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May 17th, 2008
May 17th, 2008

The Production Design show at the Motion Picture Academy was a great success. Lots of discussion of Pre-Visualization software and the digital arts in Art Direction. My friend Ralph Eggleston, the Art Director of the Incredibles and Finding Nemo did a wonderful demonstration on the continued importance of traditional drawing and painting and cinema in computer generated films.

But the evening belonged to legendary art director Robert Boyle, the art director of Hitchcock's Psycho and the Birds. He talked of the original studio system and it's challenges. He said he had studied art and architecture and could draw Chartres Cathedral from memory, but his first picture was Mrs. Wiggs of the Cabbage Patch. It was a Depression era comedy with Zazu Pitts and W.C. Fields. He had to learn how to draw run down shantys and shacks. He said to be a designer you have to know how to draw a Colosseum, but also how to make a house out of cardboard boxes to sleep under a bridge overpass.

Quiz: Who were the Magyars?

Yesterday’s Question answered below: Who was Stuart Sutcliffe, and what did he mean to the Beatles?
History for 5/17/2008
Birthdays: Sandro Botticelli, Eric Satie, Ayatollah Khomeni, Edmiond Jenner, Archibald Cox, Sugar Ray Leonard, Maureen O'Sullivan, Bill Paxton is 53, Dennis Hopper is 72, Enya is 47- born Eithne Patricia Ni’ Bhraonain

1488- Vasco DeGama reached India from sailing around the horn of Africa.
This fulfilled the master plan of Prince Henry the Navigator to outflank the Moslem world, providing an alternative to the ancient Silk Road land route caravans that connected the world’s trade. It was the beginning of the Age of Exploration and the rise of Western Europe. Both Columbus and Magellan learned their stuff studying in Prince Henry’s Portugal. Ironically legend has it that DeGama’s navigator was an Arab.

1792- In New York twenty-four investors meet under a buttonwood tree on the street where the old city wall once stood and formed the first New York Stock Exchange. Then they all went to the Merchant’s Coffee House for lunch.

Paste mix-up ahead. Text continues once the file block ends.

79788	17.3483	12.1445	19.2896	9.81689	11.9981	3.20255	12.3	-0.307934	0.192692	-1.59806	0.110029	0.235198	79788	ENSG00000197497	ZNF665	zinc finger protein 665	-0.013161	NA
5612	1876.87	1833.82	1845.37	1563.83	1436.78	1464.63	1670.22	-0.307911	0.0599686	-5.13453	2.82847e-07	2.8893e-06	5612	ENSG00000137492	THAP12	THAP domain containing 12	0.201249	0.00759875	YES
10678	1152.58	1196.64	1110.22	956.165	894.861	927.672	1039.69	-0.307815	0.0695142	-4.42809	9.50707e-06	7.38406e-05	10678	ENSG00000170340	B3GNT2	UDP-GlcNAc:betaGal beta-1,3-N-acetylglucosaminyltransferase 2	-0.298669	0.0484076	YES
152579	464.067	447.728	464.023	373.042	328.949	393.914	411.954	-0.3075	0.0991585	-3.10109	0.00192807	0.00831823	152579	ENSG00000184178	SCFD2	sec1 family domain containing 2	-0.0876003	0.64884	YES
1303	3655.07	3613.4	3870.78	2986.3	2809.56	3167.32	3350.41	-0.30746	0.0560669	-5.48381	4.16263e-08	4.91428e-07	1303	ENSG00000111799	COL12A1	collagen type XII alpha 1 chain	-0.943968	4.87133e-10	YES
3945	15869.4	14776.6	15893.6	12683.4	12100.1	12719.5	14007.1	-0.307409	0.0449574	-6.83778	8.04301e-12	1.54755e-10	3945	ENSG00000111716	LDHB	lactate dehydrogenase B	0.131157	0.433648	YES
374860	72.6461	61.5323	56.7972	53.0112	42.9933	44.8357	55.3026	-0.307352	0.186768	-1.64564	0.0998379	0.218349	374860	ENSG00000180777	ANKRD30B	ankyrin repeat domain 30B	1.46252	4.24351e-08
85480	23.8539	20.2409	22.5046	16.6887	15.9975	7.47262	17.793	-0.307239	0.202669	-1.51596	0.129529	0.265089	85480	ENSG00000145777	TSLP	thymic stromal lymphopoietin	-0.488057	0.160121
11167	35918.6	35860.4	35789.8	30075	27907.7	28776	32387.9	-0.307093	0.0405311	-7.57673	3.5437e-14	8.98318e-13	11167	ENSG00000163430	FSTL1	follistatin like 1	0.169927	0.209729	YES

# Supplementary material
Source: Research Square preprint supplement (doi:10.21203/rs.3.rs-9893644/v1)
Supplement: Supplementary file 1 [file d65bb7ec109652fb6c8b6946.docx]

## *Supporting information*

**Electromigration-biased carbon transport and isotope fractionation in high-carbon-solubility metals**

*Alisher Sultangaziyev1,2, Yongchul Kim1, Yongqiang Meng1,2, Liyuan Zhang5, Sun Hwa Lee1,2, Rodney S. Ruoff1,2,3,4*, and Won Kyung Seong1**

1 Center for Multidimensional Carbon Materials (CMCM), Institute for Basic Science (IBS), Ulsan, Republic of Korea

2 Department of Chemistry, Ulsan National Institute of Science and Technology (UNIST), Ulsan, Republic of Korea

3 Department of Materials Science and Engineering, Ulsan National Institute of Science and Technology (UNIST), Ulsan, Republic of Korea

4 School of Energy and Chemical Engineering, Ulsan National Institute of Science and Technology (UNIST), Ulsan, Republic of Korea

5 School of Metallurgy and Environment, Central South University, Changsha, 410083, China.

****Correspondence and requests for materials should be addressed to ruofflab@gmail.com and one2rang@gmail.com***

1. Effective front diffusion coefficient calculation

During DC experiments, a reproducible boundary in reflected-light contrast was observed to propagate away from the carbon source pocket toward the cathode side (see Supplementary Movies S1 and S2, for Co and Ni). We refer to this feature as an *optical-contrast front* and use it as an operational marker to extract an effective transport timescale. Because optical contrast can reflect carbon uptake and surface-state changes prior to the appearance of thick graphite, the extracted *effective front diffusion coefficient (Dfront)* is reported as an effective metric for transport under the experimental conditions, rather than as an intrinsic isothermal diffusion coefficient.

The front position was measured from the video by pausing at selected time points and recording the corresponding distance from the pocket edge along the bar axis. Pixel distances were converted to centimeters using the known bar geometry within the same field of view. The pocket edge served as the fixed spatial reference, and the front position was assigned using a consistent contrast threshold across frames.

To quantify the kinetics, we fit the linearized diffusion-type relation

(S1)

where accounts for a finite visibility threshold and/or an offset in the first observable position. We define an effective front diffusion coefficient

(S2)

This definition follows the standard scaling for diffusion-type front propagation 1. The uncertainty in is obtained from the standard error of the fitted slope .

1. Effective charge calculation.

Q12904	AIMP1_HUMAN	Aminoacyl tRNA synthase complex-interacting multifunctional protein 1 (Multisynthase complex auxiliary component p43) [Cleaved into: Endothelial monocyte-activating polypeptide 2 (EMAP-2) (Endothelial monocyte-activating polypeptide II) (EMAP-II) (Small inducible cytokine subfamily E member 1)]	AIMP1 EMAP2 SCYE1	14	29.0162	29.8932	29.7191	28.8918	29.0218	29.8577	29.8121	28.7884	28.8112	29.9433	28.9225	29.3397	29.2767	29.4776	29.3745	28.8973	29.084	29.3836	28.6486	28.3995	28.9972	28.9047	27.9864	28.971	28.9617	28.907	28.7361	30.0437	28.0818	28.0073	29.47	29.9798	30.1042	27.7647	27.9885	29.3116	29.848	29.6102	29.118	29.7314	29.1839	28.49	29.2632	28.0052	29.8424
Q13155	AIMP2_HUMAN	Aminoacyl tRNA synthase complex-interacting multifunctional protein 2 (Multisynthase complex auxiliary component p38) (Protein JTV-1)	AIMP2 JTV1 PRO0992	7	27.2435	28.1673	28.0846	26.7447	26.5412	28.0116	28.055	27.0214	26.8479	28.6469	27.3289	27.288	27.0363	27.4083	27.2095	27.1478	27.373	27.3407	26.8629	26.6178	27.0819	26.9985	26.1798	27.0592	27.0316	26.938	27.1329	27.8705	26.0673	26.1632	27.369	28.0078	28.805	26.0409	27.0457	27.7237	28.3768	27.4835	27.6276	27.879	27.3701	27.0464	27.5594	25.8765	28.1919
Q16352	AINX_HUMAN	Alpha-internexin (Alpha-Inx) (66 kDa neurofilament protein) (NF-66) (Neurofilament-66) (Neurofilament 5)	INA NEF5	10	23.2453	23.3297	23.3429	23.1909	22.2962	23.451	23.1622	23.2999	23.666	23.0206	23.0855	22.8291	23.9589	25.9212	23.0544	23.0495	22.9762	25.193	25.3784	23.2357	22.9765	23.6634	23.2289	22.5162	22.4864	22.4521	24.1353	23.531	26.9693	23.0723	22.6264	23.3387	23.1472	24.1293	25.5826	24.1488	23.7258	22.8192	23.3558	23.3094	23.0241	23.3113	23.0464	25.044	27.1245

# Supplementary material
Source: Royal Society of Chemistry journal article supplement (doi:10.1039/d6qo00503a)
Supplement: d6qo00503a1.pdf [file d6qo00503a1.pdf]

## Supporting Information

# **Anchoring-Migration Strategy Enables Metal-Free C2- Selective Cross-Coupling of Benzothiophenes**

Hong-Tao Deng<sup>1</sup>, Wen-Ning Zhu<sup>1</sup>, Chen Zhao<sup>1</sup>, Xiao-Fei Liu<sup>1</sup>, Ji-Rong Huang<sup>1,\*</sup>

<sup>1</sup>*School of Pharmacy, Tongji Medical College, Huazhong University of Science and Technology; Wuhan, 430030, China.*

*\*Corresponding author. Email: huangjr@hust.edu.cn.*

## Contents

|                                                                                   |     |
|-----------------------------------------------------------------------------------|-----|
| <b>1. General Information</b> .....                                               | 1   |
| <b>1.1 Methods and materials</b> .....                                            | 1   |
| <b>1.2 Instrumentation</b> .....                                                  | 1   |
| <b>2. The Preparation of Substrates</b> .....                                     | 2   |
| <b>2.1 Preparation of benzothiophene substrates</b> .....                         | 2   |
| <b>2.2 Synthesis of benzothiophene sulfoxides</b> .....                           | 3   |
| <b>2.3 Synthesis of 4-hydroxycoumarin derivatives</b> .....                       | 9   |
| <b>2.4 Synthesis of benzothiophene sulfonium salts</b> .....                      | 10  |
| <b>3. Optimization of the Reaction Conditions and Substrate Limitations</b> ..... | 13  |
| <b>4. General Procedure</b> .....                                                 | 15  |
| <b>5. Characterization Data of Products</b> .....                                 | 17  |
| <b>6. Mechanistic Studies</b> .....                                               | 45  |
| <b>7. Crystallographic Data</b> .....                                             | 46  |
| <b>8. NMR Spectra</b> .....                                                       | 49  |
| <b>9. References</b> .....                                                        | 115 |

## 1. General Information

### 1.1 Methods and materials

1802- Meriwhether Lewis went to Philadelphia to meet Dr. Benjamin Rush to get advice for his Lewis and Clark expedition to the Pacific. Rush was a signer of the Declaration of Independence and the most famous doctor in America. Dr. Rush gave Lewis a list of questions he had about the West, such as asking the Plains Indians if they practiced the religion of the Hebrews ? Were the Sioux or Cheyenne the Lost Tribes of Israel? If you think that’s silly Thomas Jefferson told Lewis to look for living Mastodons. When Lewis asked what medical supplies were needed Rush said unhesitatingly that he should lay in a good supply of Rush’s Purgative Pills, nicknamed ‘thunderclappers’ for the effect they had on your system.

1826- Artist-Naturalist John James Audubon departs for England ”in deep sorrow” because he could find no publisher in America for his masterpiece the “Birds of North America”.

1845 - Rubber bands invented!

1860- At the second presidential convention of the Republican Party former Illinois Congressman Abraham Lincoln is nominated on the second ballot, beating out William Seward and John Freemont, aka the Pathfinder.

1875 –The First Kentucky Derby. Winning horse was Aristides.

1890 - Comic Cuts, 1st weekly comic paper, published in London.

1924- Marcus Loew of the Loew's theater chain buys Metro Pictures and combines them with Sam Goldwyn and Louis B. Mayer’s studio to form Metro Goldwyn Mayer.

1931- Vaudeville dancer James Cagney became a tough guy movie star when the Wild Bill Wellman’s film Public Enemy debuted. “I wish you wuz a wishing well… so I could tie a bucket to ya and sink ya!

1941- The Looney Toon Lockout. Producer Leon Schlesinger tries to forestall the unionization of his Bugs Bunny cartoonists by locking them out. After a week he relents and recognizes the cartoonist guild. Chuck Jones called it “our own little six-day war.”

1954-" Brown vs. Board of Ed" Supreme Court ruled segregation illegal. Future justice Thurgood Marshal was the successful attorney.

1970 - Thor Heyerdahl crosses Atlantic on reed raft Ra, proving the ancient Egyptians could have reached South America.

1971 - Stephen Schwartz' musical "Godspell," premiered off-Broadway

1973 - Stevie Wonder releases "You are the Sunshine of my Love"

1973- the Senate Watergate Committee convenes.

1978- Sony and Phillips Electronics introduce the Compact Disc, where the music is played by a laser instead of a needle.

2004- Massachusetts becomes the first US State to legalize gay marriage.
Yesterday’s Question: Who was Stuart Sutcliffe, and what did he mean to the Beatles?

Answer: Sometimes known as The Fifth Beatle, Stuart Sutcliffe was the bands original bass player and a close friend of John Lennons’. Legend has it Sutcliffe was the one who proposed the unique name for the band, because he and Lennon were fans of Buddy Holly's band the Crickets. Sutcliffe left just as the Beatles greatest successes were beginning. He collapsed while studying art in Hamburg and died of a brain aneurism at age 22.